Contingent workforce and services (CW/S) procurement has not been greatly influenced by the latest capabilities of information and communications technology (ICT). In fact, aside from the earlier rise of cloud/SaaS-based VMS models, compared to other procurement, HR and supply chain areas, we might go so far as to describe the sector as a backwater from an underlying technology innovation perspective. This is true despite what has been a proliferation of new technologies that, for a variety of reasons, have been appropriated en masse into applications and solutions across the whole economy. This includes the ubiquitous adoption of disruptive technologies such as mobile apps, networks/marketplaces, peer-to-peer connectivity, etc. across consumer and many business-to-business areas. The irony of this is telling, as many contingent workers treat their smartphone as their own “system of record,” requisition goods through Amazon (where they are staffed) and commute via peer-to-peer services such as Uber, yet procurement organizations generally run their contingent and services procurement activities based on technology architectures and inputs that are a decade (or more) old. Given the vast disruptions in technology models in recent years in other areas of the business and the potential for new applications and solutions — coupled with the necessity for CW/S procurement to add much more value to the enterprise — Spend Matters believes this imbalance is primed for “a correction.” And this correction will likely come as a result of “disruptive” technologies and solutions. But a disruption would not only bring an adoption of underlying disruptive technologies. It would also bring a transformation of CW/S procurement itself. This report provides an introduction and analysis of disruptive technologies and solutions and their impacts on the contingent workforce and services procurement sphere.

This report also identifies/explains disruptive technologies in considerable detail and where they are appearing in solutions — not only in some VMS solutions but also in an increasing number of new solutions. A major implication or conclusion is that new technology is changing the whole solution paradigm from a monolithic enterprise solution for CW/S management to platforms and connected ecosystems of different, more specialized CW/S solutions and services.

In the second Spend Matters report, Beyond VMS: The Creation of a New Technology Category for Contingent Workforce and Services, we began to define a new category for our subsequent research of emergent CW/S procurement technology solutions that encompass incumbent and new solutions that incorporate or are entirely based on advanced technologies and tend to straddle enterprise boundaries. We noted that these solutions are largely oriented to addressing the needs of enterprises by effectively intermediating (enabling and regulating) internal demand for and the external supply of work/services. But we also point out that platforms and other specific solutions are emerging to address more of the supply side needs.

This last point can be further drawn out to explain how technology is not just giving rise to new upstream platform-based suppliers (marketplaces, crowdsourcing, etc.), but is also becoming assimilated and leveraged by more traditional suppliers upstream, where talent acquisition and engagement occurs (e.g., traditional staffing supplier, Zenith Talent’s Crowdstaffing approach, traditional professional services firms, PwC’s Talent Exchange).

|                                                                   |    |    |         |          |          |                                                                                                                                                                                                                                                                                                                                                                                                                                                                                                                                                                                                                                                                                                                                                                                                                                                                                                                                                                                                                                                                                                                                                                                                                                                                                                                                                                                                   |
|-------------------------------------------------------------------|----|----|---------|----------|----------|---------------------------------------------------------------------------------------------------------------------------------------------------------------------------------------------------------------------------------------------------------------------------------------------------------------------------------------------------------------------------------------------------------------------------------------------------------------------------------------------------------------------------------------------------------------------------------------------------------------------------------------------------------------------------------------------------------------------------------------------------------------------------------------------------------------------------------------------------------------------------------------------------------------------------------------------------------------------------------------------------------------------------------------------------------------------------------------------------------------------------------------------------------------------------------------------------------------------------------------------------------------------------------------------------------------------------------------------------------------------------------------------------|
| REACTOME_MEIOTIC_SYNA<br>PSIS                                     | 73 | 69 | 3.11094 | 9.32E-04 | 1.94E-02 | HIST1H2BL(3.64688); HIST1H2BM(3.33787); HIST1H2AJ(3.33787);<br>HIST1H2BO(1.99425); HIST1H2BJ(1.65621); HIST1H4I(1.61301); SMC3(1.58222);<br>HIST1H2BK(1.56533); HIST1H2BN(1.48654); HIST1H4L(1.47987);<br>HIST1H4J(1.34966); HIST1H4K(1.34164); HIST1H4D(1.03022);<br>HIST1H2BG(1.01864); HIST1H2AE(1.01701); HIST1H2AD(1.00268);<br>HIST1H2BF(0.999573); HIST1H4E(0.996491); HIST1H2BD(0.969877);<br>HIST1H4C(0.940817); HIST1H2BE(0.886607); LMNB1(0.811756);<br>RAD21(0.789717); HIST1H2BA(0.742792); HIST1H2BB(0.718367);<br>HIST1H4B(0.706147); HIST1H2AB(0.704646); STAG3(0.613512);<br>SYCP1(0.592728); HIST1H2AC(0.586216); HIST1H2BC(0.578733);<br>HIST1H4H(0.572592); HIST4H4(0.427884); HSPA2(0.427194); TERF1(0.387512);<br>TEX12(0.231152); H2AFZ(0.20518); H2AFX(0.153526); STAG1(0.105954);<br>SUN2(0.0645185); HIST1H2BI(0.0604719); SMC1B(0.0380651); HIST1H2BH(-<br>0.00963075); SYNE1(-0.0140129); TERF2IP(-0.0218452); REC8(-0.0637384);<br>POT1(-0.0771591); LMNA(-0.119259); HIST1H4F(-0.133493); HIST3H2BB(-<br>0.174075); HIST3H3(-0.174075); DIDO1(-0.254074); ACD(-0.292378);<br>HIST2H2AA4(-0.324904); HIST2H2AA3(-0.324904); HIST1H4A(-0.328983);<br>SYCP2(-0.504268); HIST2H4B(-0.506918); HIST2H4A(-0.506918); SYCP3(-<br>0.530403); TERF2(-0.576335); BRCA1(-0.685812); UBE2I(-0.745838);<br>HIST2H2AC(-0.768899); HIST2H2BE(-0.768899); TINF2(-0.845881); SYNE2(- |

In effect, the potential area of impact for disruptive technologies and evolving and completely new technology-based solutions is broad, extending far beyond the technology solutions footprint taken for granted today. This includes “buying” capabilities and solutions (beyond VMS), an expanded range of upstream, increasingly digitally based or enabled supply alternatives, and finally the corresponding intermediation and valued-added services solutions that fill in the gaps and make operational, end-to-end CW/S supply chains possible.

From our perspective, there is ample evidence that new, advanced technologies are already impacting and will continue to expand the range and value of CW/S technology solutions. And unlike in the past years (as formal, systematic CW/S management programs were put into gear and taking hold), at this point in time, strategic technology planning must become a critical component to any CW/S procurement function and program that aspires to deliver maximum value to its organization starting three to five years out from today.

Strategic Technology Planning: A New Imperative

Based on the above, it would be hard to disagree that there is strong case for adopting strategic technology planning today as a core component and practice in CW/S procurement. But what would that actually mean?

To begin, what do we mean by strategic technology planning? One way to put it is that strategic technology planning as a specific type of strategic planning that lets an organization (i.e., CW/S procurement) know where it is now, where it wants or needs to be some time in the future, how technology can be leveraged as an enabler and what changes in resource allocation and investment must occur. That planning, however, must be based on intelligence about and analysis of market and technology trends, impacts and emerging solutions and options and opportunities.

Perhaps counterintuitively, developing a strategic internal assessment of where an organization’s management, functions and business end users need or want to be in the future with respect to the sourcing and consuming talent and services is as least as important as understanding breeding ground of transformational technologies and the new and evolving landscape of technology solutions. But how could this process possibly begin — and move to the next stages — in a buttoned-down, tactically fixed and time/resource constrained CW/S procurement function?

Spend Matters can provide some guidance to navigate the process. Stand by for Part 2 of this PRO series.